Cognitive Rehabilitation for Breast Cancer Survivors with Perceived Cognitive Impairment — ASN Events

Cognitive Rehabilitation for Breast Cancer Survivors with Perceived Cognitive Impairment (#332)

Haryana M Dhillon 1 , Melanie Bell 2 , Melanie Price 2 , Lucette Cysique 3 4 , Janette L Vardy 1 5 6
  1. Centre for Medical Psychology & Evidence-based Decision-making, School of Psychology, Faculty of Science, The University of Sydney, Sydney, NSW, Australia
  2. Psycho-Oncology Cooperative Research Group, University of Sydney, NSW, Australia
  3. Department of Neurology, St Vincent's Hospital, Darlinghurst, NSW, Australia
  4. Brain Science Institute, University of NSW, Randwick, NSW, Australia
  5. Sydney Cancer Centre, Concord Repatriation General Hospital, Concord, NSW, Australia
  6. Concord Clinical School, Sydney Medical School, University of Sydney, Concord, NSW, Australia

Background: Up to 70% of breast cancer survivors report cognitive symptoms after chemotherapy and about 30% have cognitive impairment on formal neuropsychological testing. There is no proven treatment.

Aim: To evaluate two cognitive rehabilitation programs that have shown benefits in non-cancer populations: 1) a structured neurocognitive learning program (Attention Process Training) aimed at improving cognitive deficit, and 2) Compensatory Strategy Training involving systematic teaching of strategies to help women cope with cognitive impairment. 

Methods: This is a 3-arm randomised controlled trial comparing two 6 week, small group cognitive rehabilitation programs to a standard care control group in breast cancer survivors with perceived cognitive impairment 6-60 months after adjuvant chemotherapy.

Primary outcome is self-reported cognitive function measured by the FACT-COG Perceived Cognitive Impairment scale.

Secondary outcomes include objective neuropsychological performance (clinical neuropsychological tests; CogState; Functional Impact Assessment),; fatigue; anxiety and depression; and quality of life (QOL) at baseline, post intervention, 6 and 12 months post intervention.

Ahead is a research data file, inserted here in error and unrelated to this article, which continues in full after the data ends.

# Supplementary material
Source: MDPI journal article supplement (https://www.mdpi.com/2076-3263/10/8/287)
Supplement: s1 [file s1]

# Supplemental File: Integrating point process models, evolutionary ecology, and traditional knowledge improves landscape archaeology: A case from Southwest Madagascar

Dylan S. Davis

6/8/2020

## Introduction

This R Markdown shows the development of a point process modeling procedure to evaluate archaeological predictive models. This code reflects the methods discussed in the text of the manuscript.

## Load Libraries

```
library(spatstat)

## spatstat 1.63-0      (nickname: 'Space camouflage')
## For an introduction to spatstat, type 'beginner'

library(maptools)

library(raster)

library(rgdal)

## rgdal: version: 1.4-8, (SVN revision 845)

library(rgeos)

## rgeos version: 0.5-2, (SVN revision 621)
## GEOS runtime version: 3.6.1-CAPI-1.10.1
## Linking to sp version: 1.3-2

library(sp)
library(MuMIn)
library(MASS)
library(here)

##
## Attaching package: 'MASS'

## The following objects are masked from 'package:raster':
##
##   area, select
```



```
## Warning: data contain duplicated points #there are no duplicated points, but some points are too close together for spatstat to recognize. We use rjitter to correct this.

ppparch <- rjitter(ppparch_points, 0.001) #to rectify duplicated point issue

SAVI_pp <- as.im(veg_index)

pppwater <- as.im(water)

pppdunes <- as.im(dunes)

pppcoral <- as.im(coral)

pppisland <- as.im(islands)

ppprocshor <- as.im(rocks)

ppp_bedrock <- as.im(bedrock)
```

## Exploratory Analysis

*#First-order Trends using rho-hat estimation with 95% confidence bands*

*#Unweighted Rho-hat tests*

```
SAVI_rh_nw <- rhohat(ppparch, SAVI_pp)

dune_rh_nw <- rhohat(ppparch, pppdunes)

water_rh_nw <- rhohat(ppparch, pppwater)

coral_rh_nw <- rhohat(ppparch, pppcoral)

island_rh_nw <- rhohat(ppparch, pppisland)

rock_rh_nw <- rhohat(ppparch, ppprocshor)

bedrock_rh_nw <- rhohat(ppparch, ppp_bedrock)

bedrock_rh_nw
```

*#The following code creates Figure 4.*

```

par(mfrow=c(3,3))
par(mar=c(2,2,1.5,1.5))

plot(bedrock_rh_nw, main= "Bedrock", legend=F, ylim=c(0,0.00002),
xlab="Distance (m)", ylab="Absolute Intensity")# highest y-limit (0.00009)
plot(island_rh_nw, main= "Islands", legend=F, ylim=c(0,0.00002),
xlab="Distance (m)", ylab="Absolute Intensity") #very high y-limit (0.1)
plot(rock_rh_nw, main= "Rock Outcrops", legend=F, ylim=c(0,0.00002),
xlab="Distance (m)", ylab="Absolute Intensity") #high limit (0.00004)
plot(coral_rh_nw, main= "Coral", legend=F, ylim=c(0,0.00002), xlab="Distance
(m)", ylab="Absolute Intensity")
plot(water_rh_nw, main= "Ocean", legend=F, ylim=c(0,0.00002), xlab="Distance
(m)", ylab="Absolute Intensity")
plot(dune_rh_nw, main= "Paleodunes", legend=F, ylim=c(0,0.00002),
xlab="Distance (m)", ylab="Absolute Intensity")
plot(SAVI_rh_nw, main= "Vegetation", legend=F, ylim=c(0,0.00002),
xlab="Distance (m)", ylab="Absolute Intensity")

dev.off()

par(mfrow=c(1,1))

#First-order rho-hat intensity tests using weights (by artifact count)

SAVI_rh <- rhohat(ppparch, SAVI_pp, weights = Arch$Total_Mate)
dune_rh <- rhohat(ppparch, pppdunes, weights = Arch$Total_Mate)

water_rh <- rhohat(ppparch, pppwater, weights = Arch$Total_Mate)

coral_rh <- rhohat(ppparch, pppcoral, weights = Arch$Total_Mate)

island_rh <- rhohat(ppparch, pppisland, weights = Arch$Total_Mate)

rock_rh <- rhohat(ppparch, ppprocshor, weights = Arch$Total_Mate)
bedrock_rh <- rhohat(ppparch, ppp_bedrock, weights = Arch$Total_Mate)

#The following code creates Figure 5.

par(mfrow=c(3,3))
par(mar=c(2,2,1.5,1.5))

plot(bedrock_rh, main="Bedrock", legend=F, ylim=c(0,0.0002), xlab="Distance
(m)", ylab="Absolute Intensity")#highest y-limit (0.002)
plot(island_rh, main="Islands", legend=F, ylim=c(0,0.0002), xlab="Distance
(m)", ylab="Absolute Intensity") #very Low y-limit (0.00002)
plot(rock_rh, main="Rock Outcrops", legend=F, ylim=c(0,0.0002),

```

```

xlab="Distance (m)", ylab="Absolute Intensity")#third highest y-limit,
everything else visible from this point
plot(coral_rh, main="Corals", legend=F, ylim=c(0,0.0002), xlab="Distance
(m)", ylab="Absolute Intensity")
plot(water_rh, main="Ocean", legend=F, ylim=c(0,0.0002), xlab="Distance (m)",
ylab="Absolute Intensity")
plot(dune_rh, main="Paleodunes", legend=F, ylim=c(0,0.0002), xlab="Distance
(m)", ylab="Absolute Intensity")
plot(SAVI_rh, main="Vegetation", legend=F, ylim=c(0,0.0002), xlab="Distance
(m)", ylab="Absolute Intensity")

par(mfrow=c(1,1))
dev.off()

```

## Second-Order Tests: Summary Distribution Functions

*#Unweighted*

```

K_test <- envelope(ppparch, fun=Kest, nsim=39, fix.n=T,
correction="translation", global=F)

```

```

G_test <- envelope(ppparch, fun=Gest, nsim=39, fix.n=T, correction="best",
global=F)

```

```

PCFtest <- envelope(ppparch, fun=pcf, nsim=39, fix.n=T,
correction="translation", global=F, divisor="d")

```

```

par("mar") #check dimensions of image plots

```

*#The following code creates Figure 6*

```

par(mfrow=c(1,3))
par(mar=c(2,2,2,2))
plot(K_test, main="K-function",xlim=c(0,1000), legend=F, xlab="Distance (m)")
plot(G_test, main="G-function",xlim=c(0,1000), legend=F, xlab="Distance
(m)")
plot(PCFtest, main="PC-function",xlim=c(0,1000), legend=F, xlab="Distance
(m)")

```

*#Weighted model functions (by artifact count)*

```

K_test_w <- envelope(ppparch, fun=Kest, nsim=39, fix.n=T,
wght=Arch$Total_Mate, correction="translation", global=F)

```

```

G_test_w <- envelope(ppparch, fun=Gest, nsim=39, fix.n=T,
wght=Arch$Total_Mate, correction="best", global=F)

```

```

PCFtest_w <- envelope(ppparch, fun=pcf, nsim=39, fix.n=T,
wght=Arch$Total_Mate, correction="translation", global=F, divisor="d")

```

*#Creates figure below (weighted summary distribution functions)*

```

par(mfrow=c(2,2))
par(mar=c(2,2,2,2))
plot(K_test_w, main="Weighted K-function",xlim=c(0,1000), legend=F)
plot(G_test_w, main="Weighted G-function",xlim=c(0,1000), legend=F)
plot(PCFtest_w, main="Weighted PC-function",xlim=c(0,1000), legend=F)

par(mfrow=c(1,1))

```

Statistical Analysis:Linear mixed models will be used to model all continuous outcomes while accounting for covariance between repeated measures on patients, adjusting for baseline measures, maximising the precision of estimation of effects. A sample size of 159 gives 80% power to detect an effect size of 0.5 for the primary endpoint (2-sided t-test, type 1 error 0.05) between the control and either of the intervention groups. Our calculation is based upon using baseline measures as covariates (ANCOVA) assuming correlation between baseline and follow-up of 0.6.

Potential Outcomes: Cognitive impairment is recognised by breast cancer survivors as an important side-effect of treatment that impairs function and QOL.  There is no proven treatment. Cognitive rehabilitation programs have the potential to treat underlying impairment or teach survivors strategies to cope with cognitive symptoms. It is important to compare both programs to determine which, if either is more beneficial than watchful waiting.